New York

A.R. Penck

Nolan/Eckman Gallery

This remarkable miniretrospective of A.R. Penck’s drawings creates the impression that he is a brooding, highly subjective artist, using his art to try to make sense of his personal experience. Though Penck’s famous Standart emblem—a generally glyphic, loosely primitive stick figure, supposedly representative of modern man at his most socially naked and vulnerable—makes an appearance in the works in this show, he is surrounded by haunting images. His Übergang_ (crossing-over) imagery, which articulates the danger he felt while living in East Germany and the anxiety he experienced upon leaving for West Germany, makes this explicit: the figure that represents Penck is shattered into fragments so small as to be barely recognizable as parts of a whole.

Again and again Penck portrays, if not himself, then people with whom he was deeply involved: Georg Baselitz in Studie zum G.B. (study for G.B.: 1980), and a former girlfriend, now deceased, in Jutta, 1976. Suggestive of Penck’s ambivalence about her, the half-dark, half-light image of her head and hair in this complex drawing is obsessively repeated in an increasingly erratic, obscure way—in general his imagery is mnemonic and anecdotal—as though Penck were trying to recall her appearance. The piece bespeaks an effort to understand the character of his relationship with her, as is revealed in the vignette in which he (a raving figure on his knees, outlined in black) petitions her (a blackened silhouette). Both these “in memoriam” drawings—the former in charcoal and oilstick, the latter a gouache—indicate how rooted in object relations Penck’s drawings are, and the degree to which they are a kind of restless meditation on his life, an externalization of his feelings, even when they become more like abstract writing than speech acts. Thus, in a 1988 acrylic drawing, the quasi-cabalistic pictorial script can be understood as a private code for Penck’s emotions. These emotive signs seem to freely associate, but their cumulative intensity suggests a passion recollected in abstract tranquillity. For Penck’s abstraction hardly serves the repressive, distancing function it is supposed to but, rather, seems to make for a more direct instinctive release. In reducing both objects and himself to signs, Penck unexpectedly liberates the feelings associated with them.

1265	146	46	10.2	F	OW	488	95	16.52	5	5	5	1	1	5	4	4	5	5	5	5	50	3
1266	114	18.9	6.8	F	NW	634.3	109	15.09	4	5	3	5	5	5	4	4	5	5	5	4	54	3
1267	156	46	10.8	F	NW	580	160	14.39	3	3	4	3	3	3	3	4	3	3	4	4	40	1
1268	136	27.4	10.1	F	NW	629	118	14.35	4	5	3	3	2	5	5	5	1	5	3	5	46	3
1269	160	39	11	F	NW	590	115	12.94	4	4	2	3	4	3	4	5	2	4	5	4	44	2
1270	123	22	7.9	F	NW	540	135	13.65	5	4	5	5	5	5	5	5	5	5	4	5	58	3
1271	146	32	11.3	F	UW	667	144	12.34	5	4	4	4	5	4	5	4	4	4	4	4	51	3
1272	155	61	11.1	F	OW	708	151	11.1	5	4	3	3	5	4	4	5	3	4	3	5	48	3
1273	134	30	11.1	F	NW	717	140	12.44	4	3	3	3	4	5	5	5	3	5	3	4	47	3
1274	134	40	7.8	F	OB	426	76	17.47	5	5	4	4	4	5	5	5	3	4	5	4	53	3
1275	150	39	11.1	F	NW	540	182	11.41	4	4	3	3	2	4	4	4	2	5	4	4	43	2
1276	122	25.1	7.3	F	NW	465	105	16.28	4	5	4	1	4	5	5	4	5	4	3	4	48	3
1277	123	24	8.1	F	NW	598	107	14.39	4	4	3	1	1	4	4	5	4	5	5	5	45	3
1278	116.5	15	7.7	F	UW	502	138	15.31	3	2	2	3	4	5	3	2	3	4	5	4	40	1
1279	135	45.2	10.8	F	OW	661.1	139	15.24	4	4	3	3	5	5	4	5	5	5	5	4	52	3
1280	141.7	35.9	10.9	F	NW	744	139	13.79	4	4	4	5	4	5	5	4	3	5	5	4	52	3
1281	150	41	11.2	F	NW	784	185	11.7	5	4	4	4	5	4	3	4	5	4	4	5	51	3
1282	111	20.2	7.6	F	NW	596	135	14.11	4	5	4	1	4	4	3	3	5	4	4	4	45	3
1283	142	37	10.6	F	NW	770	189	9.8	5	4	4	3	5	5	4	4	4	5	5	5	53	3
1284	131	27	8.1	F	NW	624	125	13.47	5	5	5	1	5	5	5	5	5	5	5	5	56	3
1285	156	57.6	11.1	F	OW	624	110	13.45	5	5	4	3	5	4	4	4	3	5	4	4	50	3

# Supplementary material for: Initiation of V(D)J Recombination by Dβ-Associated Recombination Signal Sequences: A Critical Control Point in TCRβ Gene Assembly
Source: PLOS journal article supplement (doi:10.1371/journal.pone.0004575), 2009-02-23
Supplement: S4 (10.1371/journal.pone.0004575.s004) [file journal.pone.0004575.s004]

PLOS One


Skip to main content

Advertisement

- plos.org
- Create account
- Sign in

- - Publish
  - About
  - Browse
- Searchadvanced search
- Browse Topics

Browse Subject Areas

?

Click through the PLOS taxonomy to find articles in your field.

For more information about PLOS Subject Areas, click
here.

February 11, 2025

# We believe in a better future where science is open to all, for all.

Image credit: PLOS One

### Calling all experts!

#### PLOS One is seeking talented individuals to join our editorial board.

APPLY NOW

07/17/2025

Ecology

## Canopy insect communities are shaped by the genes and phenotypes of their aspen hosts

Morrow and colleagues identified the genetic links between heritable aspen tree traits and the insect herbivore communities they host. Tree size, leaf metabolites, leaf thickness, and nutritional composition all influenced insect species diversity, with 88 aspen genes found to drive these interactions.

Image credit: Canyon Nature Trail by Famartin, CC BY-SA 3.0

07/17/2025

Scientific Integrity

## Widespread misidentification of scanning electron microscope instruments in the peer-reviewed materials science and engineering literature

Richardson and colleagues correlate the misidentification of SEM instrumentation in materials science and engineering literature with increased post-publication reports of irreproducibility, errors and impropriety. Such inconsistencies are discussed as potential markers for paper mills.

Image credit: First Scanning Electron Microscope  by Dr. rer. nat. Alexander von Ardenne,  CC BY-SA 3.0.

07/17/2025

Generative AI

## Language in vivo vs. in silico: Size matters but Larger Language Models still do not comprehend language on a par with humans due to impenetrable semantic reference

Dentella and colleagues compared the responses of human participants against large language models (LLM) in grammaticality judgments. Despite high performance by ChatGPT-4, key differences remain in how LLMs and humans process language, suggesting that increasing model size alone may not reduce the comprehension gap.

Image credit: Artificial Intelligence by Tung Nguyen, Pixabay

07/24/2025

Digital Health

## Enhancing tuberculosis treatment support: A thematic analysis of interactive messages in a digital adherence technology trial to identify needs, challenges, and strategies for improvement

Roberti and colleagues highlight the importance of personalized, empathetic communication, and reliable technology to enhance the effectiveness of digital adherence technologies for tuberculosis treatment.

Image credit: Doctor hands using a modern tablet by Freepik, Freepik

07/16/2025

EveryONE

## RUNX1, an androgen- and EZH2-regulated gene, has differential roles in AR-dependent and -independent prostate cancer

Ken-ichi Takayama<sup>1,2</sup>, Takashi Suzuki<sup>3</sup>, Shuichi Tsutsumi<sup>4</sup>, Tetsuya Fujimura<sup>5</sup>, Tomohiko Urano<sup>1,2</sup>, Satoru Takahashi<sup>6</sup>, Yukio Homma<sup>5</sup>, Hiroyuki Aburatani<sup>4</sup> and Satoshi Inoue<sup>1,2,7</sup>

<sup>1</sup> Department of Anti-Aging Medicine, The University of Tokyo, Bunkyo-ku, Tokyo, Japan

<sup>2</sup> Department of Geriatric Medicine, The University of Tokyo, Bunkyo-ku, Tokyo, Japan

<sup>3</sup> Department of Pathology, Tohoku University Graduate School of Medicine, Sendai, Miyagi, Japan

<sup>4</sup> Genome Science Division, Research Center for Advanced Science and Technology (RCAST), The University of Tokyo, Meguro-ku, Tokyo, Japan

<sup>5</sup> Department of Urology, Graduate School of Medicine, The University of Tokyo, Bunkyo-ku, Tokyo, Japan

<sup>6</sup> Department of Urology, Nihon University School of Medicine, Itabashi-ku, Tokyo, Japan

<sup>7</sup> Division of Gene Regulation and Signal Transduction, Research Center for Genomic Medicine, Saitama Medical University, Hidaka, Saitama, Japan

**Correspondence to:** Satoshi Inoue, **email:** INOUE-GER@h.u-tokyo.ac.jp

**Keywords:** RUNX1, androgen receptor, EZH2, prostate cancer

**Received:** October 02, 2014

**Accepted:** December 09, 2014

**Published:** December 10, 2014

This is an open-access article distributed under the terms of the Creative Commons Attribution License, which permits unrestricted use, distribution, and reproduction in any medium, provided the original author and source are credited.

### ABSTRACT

It is as if Penck’s drawings were abreactions that do not quite work, which is why they must be repeated with compulsive rapidity. What subtends the haunting figures is never purged, not even when they become abstract signs. Indeed, the raised arms of the Standart figure suggest it is apotropaic—that Penck is simultaneously at odds with himself and warding off unmanageable others.

And yet, of course, art itself is a kind of mastery of the apotropaic, which Penck broadly achieves through the conceptual asymmetry of his imagery—the occult balance he creates from the “system” of expressive equivalences he establishes. Nowhere is this standard (but nonetheless difficult) practice of manipulating ostensibly incommensurate objects into a poetic unconscious—relationship more evident than in a marvellous childlike, fairy-tale work, Black Cross, White Cross, Yellow Ball, #9, 1976, in which a black spider, a white eagle’s head, a red lion, and a transparent coffee grinder play off each other. Penck uses metonymic means to imply their metaphoric similarity—expressive equivalence—without spelling it out, indeed, without even suggesting that it “works.” thus, they become in effect “parallel lines” converging and corresponding in the infinite of the unconscious. Emotionally one in the theater of the unconscious, they are enigmatic in the here and now of consciousness.

Donald Kuspit